The Covid-19 maritime state aid packages also raise questions about state involvement in shipping companies. Different approaches to this exist around the world. In most OECD countries, the tendency over the past few decades has been to reduce state involvement in companies via privatisation and sale of government shares. In various emerging economies, notably in Asia, governments remain actively involved in the business of maritime shipping and companies are often state-owned and the instrumental to state objectives.
In practice, several segments of the shipping industry are now hybrid sectors. Six of the ten major container-shipping firms have governments as shareholders. This is for example the case for the Germany-based Hapag Lloyd and France-based CMA CGM. In the case of CMA CGM, the state has a seat on the company board and a veto on certain strategic decisions. A number of governments even hold a majority stake in what are considered “national” container shipping companies – this is the case in China, Korea and Chinese Taipei. In all of these countries, interlinkages between state and container shipping are frequent, irrespective whether state involvement is larger or smaller.
The EU obliges member states to sell any equity in an enterprise after a maximum of six years, a rule reiterated in the European Commission’s “Temporary Framework for State Aid Measures to Support the Economy in the Current Covid-19 Outbreak”.22 Yet such a restriction on state ownership must not always be in the public interest. After the German city state of Hamburg bought a large stake (up to 36%) in Hapag Lloyd in 2008 – cleared by the European Commission in 2009 – in order to avoid a take-over by Singapore’s Neptune Orient Line; it was obliged to sell its shares in 2015 for half the price it paid earlier.
State aid for the maritime sector during the Covid-19 pandemic mitigates the negative economic impacts of the crisis on the shipping sector. Yet it also raises questions regarding the stringency of government policies with respect to desired outcomes. The following insights could serve as starting points for a review of the policy framework for maritime shipping:
Intensify the monitoring of competition. The level of consolidation and cooperation in segments of the shipping industry makes possible effective collusion to reduce competition. The recent joint efforts of container lines to eliminate capacity through a coordinated strategy of blank sailings raises many questions of concern to competition authorities and merits investigation. Liner shipping requires continuous monitoring and corrective action when inappropriate behaviour occurs. The freedom granted to liners by the EU’s Consortia Block Exemption Regulation to manage capacity jointly and to exchange information is prone to abuse.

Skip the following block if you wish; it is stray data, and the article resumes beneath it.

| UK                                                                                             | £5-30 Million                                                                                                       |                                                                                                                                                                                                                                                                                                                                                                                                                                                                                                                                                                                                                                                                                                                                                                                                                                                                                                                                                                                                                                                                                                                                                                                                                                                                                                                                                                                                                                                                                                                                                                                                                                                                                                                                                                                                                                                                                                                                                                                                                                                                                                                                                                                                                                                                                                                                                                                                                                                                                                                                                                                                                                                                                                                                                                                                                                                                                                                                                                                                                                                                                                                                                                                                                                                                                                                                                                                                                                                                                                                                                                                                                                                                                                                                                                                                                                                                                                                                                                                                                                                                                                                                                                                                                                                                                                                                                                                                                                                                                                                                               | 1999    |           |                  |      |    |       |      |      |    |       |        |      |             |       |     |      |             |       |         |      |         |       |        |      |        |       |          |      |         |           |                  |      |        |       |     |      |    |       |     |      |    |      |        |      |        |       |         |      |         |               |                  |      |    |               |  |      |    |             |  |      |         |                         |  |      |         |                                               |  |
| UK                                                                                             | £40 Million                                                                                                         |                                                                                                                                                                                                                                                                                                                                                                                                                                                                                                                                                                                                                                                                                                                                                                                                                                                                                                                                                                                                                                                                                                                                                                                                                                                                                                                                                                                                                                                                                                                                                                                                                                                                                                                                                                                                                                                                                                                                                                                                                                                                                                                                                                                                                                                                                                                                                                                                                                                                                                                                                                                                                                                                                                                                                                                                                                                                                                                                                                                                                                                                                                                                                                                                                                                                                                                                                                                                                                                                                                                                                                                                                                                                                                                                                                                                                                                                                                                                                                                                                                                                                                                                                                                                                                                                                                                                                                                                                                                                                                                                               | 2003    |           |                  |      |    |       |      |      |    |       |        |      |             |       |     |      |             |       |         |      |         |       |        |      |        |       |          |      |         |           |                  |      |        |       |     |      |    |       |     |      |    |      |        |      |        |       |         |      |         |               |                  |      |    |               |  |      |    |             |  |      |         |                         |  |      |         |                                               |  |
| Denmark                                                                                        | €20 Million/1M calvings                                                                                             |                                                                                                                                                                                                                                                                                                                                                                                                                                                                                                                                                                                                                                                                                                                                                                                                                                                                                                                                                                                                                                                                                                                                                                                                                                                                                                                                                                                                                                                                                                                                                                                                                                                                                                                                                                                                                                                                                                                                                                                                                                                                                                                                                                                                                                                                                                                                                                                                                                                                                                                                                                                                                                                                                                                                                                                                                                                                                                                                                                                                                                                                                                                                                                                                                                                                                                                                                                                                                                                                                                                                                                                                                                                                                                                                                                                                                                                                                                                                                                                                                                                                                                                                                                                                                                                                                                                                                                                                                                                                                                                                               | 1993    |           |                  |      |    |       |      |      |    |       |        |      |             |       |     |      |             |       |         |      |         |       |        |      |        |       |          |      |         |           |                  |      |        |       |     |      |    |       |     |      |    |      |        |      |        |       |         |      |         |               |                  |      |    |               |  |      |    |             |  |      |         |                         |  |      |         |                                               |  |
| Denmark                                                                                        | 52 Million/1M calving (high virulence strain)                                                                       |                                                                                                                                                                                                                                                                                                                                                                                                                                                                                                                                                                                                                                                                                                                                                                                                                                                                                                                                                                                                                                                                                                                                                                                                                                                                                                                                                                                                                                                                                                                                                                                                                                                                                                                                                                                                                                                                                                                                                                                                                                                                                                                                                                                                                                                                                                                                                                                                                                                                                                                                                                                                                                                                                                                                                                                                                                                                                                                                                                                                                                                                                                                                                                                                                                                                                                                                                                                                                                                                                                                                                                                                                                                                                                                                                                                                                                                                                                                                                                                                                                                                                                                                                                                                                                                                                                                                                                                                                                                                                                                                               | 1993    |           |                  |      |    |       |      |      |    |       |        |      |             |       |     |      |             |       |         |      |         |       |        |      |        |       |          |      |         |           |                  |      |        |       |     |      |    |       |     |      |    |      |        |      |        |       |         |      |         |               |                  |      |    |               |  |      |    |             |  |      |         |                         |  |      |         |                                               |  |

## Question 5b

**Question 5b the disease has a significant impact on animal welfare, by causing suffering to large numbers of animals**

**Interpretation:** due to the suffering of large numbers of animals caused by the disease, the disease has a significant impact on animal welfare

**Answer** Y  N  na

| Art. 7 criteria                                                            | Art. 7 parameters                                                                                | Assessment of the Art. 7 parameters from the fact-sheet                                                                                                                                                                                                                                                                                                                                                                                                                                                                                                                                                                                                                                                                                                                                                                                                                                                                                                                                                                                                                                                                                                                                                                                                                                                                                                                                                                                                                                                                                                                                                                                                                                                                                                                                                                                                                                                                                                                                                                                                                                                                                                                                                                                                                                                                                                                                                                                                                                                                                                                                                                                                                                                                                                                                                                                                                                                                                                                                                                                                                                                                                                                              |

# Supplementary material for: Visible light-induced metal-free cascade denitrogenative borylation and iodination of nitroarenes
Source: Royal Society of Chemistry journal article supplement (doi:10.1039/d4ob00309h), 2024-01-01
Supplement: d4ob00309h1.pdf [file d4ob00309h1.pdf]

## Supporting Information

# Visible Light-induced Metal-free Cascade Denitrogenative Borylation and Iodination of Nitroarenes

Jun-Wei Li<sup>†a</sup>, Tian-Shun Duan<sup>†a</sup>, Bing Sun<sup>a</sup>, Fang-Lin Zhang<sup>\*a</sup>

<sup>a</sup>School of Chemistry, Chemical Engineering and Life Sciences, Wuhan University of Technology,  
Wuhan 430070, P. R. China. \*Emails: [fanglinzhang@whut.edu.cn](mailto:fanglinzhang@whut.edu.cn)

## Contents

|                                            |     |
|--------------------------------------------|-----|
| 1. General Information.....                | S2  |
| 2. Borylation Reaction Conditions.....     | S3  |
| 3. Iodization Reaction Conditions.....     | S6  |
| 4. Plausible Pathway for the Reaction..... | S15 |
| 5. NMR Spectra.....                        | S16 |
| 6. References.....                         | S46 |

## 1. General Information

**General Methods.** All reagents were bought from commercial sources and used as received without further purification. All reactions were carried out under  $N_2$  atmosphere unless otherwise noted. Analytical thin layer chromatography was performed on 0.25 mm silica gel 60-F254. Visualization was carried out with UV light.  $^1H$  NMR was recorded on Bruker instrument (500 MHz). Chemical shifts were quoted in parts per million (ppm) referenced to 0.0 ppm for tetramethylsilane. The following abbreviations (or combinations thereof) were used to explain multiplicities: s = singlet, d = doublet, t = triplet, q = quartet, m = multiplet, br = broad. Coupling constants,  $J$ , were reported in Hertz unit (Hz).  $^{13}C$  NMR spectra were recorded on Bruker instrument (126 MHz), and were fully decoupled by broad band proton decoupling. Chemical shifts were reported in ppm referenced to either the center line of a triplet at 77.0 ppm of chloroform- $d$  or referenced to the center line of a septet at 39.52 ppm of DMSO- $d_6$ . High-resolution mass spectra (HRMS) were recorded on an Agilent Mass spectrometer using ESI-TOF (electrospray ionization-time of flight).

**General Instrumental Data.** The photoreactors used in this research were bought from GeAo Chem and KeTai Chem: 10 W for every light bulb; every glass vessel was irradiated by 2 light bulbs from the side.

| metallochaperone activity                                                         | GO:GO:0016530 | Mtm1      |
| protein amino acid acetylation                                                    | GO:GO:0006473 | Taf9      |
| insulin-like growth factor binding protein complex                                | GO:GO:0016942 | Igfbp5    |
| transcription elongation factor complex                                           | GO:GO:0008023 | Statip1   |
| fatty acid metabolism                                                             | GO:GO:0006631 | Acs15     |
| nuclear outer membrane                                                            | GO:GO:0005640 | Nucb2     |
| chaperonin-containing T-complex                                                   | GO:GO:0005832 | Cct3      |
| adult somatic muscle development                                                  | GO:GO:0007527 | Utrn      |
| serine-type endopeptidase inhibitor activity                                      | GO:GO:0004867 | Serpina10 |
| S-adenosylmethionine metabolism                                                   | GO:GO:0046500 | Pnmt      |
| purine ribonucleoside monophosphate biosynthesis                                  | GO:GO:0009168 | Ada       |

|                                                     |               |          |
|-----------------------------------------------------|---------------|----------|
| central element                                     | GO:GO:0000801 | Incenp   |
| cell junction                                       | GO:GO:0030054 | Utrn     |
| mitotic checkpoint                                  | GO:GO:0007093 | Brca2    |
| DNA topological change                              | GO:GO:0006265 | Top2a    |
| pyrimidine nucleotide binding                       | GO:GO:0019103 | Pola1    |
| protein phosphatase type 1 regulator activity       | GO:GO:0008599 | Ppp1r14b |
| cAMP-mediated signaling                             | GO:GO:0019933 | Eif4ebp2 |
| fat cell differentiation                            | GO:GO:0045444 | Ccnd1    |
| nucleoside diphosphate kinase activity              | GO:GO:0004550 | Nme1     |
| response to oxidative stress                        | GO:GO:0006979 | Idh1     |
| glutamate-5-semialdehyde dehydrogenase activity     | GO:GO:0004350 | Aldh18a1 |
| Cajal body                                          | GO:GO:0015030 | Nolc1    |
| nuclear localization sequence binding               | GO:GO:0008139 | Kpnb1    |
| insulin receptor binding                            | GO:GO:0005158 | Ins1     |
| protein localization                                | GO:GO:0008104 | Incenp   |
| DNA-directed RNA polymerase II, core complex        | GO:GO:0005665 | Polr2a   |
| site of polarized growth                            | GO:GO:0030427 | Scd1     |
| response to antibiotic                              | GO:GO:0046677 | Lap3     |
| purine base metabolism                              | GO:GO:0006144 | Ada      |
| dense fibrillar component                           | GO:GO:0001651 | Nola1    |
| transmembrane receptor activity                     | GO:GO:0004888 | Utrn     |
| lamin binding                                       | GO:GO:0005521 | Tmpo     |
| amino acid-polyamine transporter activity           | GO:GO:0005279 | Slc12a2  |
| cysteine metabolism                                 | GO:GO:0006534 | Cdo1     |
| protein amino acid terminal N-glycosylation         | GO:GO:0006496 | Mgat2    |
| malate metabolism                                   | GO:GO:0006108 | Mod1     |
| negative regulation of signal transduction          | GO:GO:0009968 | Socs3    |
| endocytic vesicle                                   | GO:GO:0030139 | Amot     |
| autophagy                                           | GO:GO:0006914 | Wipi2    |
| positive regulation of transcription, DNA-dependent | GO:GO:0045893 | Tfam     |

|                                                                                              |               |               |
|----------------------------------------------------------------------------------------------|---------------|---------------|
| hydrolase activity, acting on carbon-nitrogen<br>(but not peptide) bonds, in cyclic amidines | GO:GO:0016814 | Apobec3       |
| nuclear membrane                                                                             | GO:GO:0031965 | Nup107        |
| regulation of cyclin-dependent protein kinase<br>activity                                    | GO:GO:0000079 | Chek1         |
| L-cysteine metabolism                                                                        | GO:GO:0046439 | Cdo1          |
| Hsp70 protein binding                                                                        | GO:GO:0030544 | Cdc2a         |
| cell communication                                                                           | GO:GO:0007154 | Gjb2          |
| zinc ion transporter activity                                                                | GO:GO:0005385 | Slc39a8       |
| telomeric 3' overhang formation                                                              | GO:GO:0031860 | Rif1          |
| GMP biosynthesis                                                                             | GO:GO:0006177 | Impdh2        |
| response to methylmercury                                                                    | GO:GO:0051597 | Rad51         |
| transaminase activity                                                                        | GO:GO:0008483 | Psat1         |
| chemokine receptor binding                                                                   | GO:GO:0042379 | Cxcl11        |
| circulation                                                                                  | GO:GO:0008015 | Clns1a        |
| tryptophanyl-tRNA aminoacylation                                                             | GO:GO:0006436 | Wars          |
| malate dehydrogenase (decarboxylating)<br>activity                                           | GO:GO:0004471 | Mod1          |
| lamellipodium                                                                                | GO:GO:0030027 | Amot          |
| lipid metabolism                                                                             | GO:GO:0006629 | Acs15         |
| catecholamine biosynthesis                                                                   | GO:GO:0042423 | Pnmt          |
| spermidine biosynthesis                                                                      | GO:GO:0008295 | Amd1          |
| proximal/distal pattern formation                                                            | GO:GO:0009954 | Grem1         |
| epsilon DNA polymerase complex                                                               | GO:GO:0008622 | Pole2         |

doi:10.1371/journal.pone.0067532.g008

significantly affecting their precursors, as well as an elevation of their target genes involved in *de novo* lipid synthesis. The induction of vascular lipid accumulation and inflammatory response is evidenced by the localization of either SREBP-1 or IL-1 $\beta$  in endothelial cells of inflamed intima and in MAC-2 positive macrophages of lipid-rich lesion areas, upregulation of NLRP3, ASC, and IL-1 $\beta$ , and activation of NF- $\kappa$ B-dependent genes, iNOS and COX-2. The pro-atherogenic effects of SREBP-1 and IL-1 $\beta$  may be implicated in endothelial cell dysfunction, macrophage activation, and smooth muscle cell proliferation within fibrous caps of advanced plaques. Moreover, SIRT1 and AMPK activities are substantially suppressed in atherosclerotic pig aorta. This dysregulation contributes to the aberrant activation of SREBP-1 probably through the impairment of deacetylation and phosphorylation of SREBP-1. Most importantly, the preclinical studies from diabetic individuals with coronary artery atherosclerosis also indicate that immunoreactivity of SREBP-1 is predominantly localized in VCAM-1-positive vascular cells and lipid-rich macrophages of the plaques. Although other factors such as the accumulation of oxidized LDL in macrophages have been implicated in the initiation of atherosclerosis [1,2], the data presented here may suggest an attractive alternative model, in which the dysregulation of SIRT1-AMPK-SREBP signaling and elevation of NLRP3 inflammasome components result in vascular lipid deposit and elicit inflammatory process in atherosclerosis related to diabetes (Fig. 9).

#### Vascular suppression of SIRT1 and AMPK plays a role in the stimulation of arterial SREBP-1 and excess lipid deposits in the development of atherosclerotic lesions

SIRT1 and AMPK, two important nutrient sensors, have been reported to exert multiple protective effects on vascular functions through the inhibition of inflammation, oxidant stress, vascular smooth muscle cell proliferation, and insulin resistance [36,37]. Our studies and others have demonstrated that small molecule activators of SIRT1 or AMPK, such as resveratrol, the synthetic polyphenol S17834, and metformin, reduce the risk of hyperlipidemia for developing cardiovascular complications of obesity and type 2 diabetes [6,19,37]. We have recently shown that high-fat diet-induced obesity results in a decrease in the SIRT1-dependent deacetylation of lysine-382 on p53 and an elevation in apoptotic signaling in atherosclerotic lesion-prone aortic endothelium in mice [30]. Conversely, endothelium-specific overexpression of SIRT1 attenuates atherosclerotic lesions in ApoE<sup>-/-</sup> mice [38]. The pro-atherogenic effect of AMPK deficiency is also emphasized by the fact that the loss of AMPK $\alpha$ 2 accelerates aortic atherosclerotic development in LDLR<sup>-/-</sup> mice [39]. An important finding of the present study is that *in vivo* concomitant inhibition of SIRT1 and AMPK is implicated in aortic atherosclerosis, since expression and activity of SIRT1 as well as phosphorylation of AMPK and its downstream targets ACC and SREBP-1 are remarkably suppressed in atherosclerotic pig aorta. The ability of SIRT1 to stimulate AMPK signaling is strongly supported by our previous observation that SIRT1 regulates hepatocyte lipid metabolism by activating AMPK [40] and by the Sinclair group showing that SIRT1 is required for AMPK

Widen the scope of shipping competition policy. Maritime competition policy has often been narrowly focused on the price for customers. It should also take account of market power vis-à-vis suppliers and a wider set of indicators related to service quality, connectivity and environmental performance. A call for proposals on greening competition policy and state aid recently announced by the European Commission24 should be used to start greening the EU Maritime State Aid Guidelines, the tonnage tax and the Consortia Block Exemption Regulation. An alternative to widening the scope of shipping competition policy would be to loosen the restrictions on state involvement in companies.
Create a global level playing field in maritime state aid. Including shipping in Pillar 2 of the Global Anti-Base Erosion Proposal (“GloBE”) of the G20/OECD would help to create a universally applicable set of rules and comparable conditions for the sector. The proposal foresees a minimum tax for multinational enterprises that would eliminate the incentives for tax avoidance and set the bottom for global tax competition. If the shipping industry should not be included in GloBE, international negotiations on maritime subsidies and tax exemptions ought to be initiated. At the regional level, more active initiatives for tax convergence could be launched. In the EU, the Maritime State Aid Guidelines with regard to the maximum permissible subsidies and tax exemptions could be clarified and more rigorously applied.
Tackle market distortions resulting from state aid for the maritime sector. Competition authorities should avoid taking decisions that distort markets, as happened with the European Commission’s approval of tonnage tax schemes that cover cargo handling in ports.25. This has resulted in undue advantages for vertically integrated shipping groups and should be corrected.
Focus maritime state aid on strategic supply chains. State aid for shipping has proliferated over past decades. Often, expansion of aid has not been driven by objective assessments of potential benefits for the provider. Maritime sector support should be targeted more strategically to help achieve broader objectives than mitigating losses for recipients. The Finnish Covid-19 package provides an example by linking state aid to the policy objective of supply security.